I wasn't only showing Nystrup Gravel at the exhibition. Some of my tractors and my thresher were allowed to be placed on some of the standard gauge layouts. It is great to see one's models come to life in a nice setting.
I saw a few nice products, received good feedback and advice and contributed myself with advice to those asking. I really hope a new loco project will materialize based on discussions started at the exhibition. You'll be the first to know.

3D-printing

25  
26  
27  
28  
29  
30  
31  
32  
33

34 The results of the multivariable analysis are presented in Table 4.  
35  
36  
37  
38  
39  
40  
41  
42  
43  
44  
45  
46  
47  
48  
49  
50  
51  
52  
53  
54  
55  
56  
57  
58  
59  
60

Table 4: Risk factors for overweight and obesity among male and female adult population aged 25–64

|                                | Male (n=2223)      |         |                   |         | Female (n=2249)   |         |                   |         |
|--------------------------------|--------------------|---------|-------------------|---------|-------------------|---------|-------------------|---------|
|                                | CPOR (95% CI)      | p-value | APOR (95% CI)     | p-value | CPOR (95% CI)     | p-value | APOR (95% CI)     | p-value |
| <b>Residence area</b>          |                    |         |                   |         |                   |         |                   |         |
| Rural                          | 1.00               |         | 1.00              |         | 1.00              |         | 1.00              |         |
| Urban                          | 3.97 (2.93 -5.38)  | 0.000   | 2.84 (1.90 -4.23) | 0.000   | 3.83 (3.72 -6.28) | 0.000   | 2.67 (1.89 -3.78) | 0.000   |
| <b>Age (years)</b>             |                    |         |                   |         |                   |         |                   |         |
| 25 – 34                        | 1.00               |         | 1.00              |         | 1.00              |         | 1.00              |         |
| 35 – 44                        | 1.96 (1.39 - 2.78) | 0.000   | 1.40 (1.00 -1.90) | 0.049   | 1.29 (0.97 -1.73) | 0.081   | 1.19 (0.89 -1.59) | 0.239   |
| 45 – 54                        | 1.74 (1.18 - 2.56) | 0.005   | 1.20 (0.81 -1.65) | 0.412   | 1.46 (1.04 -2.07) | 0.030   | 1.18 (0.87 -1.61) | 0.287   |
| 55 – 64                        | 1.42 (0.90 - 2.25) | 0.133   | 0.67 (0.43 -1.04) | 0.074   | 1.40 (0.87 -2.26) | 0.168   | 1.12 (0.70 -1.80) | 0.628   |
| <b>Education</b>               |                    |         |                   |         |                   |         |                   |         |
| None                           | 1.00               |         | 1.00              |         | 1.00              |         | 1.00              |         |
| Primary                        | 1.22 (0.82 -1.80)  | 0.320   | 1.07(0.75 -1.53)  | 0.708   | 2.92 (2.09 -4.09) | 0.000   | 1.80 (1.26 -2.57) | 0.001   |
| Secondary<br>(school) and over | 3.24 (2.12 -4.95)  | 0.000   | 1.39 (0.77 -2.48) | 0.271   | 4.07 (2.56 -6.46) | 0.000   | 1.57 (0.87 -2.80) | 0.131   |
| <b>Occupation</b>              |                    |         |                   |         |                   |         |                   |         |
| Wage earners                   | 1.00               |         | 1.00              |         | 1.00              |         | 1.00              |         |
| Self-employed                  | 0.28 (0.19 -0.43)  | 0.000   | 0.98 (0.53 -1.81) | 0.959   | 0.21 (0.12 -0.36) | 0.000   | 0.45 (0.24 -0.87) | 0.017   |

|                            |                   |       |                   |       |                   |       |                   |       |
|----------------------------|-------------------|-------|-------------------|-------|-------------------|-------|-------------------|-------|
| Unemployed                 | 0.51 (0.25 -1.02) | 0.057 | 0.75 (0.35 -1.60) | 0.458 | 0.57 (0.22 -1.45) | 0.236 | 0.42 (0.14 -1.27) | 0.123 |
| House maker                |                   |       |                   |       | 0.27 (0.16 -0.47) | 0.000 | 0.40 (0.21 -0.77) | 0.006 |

Trying out new methods and technologies is something many modellers do. I'm probably among the more conservative and only tried out 3D-printing this year, when I finished a Schöma gas generator loco printed by Shapeways. While the technology seems promising it is not a method (in my opinion, anyway) that can stand alone. You can't expect to buy a 3D-printed model, attach it to a drive unit, paint it and drive off. You will have to invest considerable time and effort in cleaning the print up, sanding and preparing the surface before painting. Attaching a homemade bottom plate with chassis fittings is also necessary before your model is ready to serve you. Adding details and personalizing the model is a must for me too, so 3D-printing isn't going to take the modelling out of 'model railways' or mean the death of scratch building. Not if you like a detailed model that hasn't 'furry' or 'striped' surfaces.